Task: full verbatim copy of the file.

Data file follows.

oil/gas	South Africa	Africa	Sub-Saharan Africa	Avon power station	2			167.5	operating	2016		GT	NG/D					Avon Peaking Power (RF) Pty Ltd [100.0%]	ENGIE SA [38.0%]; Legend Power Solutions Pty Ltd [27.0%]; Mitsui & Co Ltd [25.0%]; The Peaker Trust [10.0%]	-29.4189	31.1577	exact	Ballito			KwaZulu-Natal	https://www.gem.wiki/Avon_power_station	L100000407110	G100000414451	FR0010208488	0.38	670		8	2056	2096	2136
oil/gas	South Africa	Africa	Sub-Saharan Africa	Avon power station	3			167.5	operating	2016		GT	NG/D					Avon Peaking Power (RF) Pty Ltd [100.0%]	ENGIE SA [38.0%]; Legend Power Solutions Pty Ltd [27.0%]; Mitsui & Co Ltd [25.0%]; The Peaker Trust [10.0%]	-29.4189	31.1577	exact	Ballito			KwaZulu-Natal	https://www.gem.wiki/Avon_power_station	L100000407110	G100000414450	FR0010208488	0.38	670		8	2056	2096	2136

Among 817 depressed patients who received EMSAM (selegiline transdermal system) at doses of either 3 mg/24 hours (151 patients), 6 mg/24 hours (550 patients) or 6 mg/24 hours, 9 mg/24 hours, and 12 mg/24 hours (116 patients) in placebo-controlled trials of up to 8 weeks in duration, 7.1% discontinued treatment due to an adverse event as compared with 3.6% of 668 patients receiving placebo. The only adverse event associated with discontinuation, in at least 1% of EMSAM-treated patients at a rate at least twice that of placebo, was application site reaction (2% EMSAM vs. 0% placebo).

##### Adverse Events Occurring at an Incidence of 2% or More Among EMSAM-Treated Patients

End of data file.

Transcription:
oil/gas	South Africa	Africa	Sub-Saharan Africa	Avon power station	2			167.5	operating	2016		GT	NG/D					Avon Peaking Power (RF) Pty Ltd [100.0%]	ENGIE SA [38.0%]; Legend Power Solutions Pty Ltd [27.0%]; Mitsui & Co Ltd [25.0%]; The Peaker Trust [10.0%]	-29.4189	31.1577	exact	Ballito			KwaZulu-Natal	https://www.gem.wiki/Avon_power_station	L100000407110	G100000414451	FR0010208488	0.38	670		8	2056	2096	2136
oil/gas	South Africa	Africa	Sub-Saharan Africa	Avon power station	3			167.5	operating	2016		GT	NG/D					Avon Peaking Power (RF) Pty Ltd [100.0%]	ENGIE SA [38.0%]; Legend Power Solutions Pty Ltd [27.0%]; Mitsui & Co Ltd [25.0%]; The Peaker Trust [10.0%]	-29.4189	31.1577	exact	Ballito			KwaZulu-Natal	https://www.gem.wiki/Avon_power_station	L100000407110	G100000414450	FR0010208488	0.38	670		8	2056	2096	2136

Among 817 depressed patients who received EMSAM (selegiline transdermal system) at doses of either 3 mg/24 hours (151 patients), 6 mg/24 hours (550 patients) or 6 mg/24 hours, 9 mg/24 hours, and 12 mg/24 hours (116 patients) in placebo-controlled trials of up to 8 weeks in duration, 7.1% discontinued treatment due to an adverse event as compared with 3.6% of 668 patients receiving placebo. The only adverse event associated with discontinuation, in at least 1% of EMSAM-treated patients at a rate at least twice that of placebo, was application site reaction (2% EMSAM vs. 0% placebo).

##### Adverse Events Occurring at an Incidence of 2% or More Among EMSAM-Treated Patients